No cancellation or refusal to renew by an insurer of a policy of automobile insurance shall be effective unless the insurer shall deliver or mail, to the named insured at the address shown in the policy a written notice of the cancellation or refusal to renew. Such notice shall:

(1) Be approved as to form by the Insurance Commissioner prior to use;

(2) State the date, not less than sixty days after the date of such mailing or delivering on which such cancellation or refusal to renew shall become effective, except that such effective date may be fifteen days from the date of mailing or delivery when it is being cancelled or not renewed for the reasons set forth in clauses (1) and (2) of section 4;

(3) State the specific reason or reasons of the insurer for cancellation or refusal to renew;

(4) Advise the insured of his right to request in writing, within thirty days of the receipt of the notice of cancellation or intention not to renew, and of the receipt of the reason or reasons for the cancellation or refusal to renew as stated in the notice of cancellation or of intention not to renew, that the Insurance Commissioner review the action of the insurer;

(5) Either in the notice or in an accompanying statement advise the insured of his possible eligibility for insurance through the automobile assigned risk plan;

(6) Advise the insured that he must obtain compulsory automobile insurance coverage if he operates or registers a motor vehicle in the Commonwealth, that the insurer is notifying the Department of Transportation that the insurance is being cancelled or not renewed, and that the insured must notify the Department of Transportation that he has replaced said coverage;

(7) Clearly state that, when coverage is to be terminated due to nonresponse to a citation imposed under 75 Pa.C.S. § 1533 (relating to suspension of operating privilege for failure to respond to citation) or nonpayment of a fine or penalty imposed under that section, coverage shall not terminate if the insured provides the insurer with proof that the insured has responded to all citations and paid all fines and penalties and that he or she has done so on or before the termination date of the policy.

[4] The Superior Court did, however, reverse that portion of the trial court's ruling which awarded attorney's fees to the Klopps.

[5] It is the custom of the insurance industry, and sound public policy, to provide on-the-spot temporary insurance coverage in the form of a binder until the application information can be verified and a formal policy issued. See, e.g., Collister v. Nationwide Ins. Co., 479 Pa. 579, 388 A.2d 1346 (1978); McAvoy Vitrified Brick Co. v. North Am. Life Assurance Co., 395 Pa. 75, 149 A.2d 42 (1959); Stonsz v. Equitable Life Assurance Soc'y, 324 Pa. 97, 187 A. 403 (1936). Absent any defect in the application process, an insurance policy is deemed effective from the date the binder is issued. Id. We presume the legislature, aware of this custom, intended to provide the insurance carriers with a grace period to thoroughly investigate its prospective clients. This grace period also serves consumers by providing some certainty that if there is a problem with their application after sixty days, they will be entitled to a formal notice procedure before their coverage is terminated.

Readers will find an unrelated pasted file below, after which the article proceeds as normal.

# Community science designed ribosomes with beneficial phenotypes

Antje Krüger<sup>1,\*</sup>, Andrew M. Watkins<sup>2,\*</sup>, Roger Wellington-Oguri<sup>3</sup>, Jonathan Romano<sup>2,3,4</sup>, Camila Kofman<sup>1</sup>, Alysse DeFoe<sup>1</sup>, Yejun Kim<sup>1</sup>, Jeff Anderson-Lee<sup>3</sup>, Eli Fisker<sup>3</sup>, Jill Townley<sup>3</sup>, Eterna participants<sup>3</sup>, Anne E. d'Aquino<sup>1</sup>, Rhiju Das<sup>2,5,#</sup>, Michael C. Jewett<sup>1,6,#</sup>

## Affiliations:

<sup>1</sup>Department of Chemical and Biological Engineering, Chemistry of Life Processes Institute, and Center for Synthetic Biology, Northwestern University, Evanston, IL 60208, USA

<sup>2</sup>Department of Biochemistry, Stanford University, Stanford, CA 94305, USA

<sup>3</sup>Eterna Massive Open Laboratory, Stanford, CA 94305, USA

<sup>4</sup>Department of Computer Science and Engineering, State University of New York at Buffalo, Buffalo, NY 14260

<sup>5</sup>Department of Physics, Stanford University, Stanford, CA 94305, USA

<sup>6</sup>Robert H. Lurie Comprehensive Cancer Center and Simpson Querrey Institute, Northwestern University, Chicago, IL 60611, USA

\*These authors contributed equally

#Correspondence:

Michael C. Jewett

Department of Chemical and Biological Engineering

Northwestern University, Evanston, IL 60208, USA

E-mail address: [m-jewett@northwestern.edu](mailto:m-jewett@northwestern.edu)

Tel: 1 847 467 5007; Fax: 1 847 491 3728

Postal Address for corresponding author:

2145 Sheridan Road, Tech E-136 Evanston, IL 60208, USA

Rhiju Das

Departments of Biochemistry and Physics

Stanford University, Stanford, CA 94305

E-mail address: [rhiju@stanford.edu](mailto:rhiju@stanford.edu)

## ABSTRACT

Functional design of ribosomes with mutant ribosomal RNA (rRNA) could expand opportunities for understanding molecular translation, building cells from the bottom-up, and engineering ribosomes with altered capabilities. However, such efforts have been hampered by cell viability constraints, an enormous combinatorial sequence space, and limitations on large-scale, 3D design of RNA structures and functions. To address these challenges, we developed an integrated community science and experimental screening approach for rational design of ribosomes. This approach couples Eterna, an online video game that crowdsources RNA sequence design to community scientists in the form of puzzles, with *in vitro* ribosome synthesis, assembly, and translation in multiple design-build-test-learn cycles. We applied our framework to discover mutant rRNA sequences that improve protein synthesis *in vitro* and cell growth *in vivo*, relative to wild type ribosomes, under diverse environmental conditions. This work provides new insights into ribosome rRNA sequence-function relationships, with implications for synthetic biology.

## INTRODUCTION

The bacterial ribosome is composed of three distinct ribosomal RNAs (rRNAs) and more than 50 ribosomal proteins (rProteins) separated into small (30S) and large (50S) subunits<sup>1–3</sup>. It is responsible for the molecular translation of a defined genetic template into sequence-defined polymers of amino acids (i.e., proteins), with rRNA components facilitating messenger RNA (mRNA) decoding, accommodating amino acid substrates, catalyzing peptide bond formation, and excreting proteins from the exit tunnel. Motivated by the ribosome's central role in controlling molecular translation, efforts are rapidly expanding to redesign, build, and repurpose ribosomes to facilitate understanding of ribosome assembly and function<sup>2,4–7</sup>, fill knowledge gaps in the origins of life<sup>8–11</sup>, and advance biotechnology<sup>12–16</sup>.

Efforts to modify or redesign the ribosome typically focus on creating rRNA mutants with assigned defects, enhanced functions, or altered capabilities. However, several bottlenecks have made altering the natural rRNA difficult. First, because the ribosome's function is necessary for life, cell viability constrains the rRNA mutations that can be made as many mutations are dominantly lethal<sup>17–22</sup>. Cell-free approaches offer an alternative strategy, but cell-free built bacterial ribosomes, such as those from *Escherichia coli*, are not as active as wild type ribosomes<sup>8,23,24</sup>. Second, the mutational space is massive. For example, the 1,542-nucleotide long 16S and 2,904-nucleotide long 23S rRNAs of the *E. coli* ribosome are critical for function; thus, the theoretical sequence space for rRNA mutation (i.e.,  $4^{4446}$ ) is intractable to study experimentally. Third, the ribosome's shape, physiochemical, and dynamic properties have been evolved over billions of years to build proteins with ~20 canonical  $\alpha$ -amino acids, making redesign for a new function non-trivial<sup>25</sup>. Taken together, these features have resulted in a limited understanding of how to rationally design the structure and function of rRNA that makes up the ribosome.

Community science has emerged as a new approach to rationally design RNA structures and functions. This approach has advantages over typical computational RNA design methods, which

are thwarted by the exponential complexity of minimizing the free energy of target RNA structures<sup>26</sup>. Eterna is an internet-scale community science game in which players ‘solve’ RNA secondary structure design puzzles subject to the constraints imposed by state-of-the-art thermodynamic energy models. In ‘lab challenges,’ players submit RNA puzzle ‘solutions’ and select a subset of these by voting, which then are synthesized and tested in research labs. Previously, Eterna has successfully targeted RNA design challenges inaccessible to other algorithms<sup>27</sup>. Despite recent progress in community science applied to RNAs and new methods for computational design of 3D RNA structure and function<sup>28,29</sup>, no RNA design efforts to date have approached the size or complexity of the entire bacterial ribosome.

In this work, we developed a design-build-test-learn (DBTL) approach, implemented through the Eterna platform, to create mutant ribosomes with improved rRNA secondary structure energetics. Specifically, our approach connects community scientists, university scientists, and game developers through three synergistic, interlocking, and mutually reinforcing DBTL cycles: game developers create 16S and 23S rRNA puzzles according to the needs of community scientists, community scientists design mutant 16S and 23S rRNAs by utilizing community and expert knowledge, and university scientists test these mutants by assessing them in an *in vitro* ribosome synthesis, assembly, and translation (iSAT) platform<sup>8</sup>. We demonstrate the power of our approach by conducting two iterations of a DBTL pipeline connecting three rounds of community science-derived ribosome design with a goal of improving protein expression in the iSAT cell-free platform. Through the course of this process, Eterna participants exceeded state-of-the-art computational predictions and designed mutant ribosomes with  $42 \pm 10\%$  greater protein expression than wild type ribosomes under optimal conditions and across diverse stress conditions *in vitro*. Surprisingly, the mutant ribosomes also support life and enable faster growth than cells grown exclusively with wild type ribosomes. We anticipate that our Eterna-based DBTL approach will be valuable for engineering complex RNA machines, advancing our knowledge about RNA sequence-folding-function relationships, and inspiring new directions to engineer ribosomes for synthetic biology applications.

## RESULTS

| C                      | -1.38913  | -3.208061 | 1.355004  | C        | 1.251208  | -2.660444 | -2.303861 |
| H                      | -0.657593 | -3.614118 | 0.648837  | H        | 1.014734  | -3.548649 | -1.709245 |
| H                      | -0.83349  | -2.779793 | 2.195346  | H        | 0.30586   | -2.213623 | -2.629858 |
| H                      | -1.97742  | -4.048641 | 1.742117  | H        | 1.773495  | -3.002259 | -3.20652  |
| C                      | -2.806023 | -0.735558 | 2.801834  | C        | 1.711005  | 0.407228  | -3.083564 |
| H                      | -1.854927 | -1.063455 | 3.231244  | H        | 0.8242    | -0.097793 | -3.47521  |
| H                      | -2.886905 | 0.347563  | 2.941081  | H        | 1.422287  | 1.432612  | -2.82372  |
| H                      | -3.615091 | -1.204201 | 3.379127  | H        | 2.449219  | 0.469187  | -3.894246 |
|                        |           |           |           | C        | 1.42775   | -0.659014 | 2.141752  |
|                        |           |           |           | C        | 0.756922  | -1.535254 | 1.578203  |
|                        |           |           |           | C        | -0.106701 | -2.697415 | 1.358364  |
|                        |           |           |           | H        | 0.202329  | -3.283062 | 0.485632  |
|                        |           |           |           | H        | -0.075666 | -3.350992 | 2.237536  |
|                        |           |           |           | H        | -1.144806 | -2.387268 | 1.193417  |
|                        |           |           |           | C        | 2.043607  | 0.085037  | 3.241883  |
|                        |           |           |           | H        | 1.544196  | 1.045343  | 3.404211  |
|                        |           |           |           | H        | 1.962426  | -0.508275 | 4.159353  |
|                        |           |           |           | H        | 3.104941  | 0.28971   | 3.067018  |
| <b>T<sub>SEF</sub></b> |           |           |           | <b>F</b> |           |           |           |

[6] The legal significance of the difference between cancellation and rescission was aptly pointed out by the Commonwealth Court in Metropolitan Property and Liability Ins. Co. v. Commonwealth of Pennsylvania, Ins. Comm'r, 97 Pa.Commw.Ct. 219, 223, 509 A.2d 1346, 1348 (1986), aff'd. by an equally divided court, 517 Pa. 218, 535 A.2d 588 (1987):

Rescission of a contract and cancellation of a contract are two separate and distinct legal concepts. A rescission amounts to the unmaking of a contract and is not merely a termination of the rights and obligations of the parties towards each other, but is an abrogation of all rights and responsibilities of the parties towards each other from the inception of the contract. It is a form of retroactive relief. Cancellation is an act destroying the force and effectiveness of the contract, and is a form of prospective relief, affecting the future rights and obligations of the parties towards each other. The General Assembly is cognizant of the difference between these legal concepts.

[1] Act 1984, Feb. 12, P.L. 26, No. 11, § 3, 75 Pa.C.S. § 1701, et seq., "Motor Vehicle Financial Responsibility Law."

[2] Generally, at common law, the rights of the third party beneficiary can be no greater than those of the original parties to the contract. Therefore, if the contract is void ab initio as to a party, it would be void ab initio as to third party beneficiaries. [cite]

[1] Act of Dec. 6, 1972, No. 290 § 3.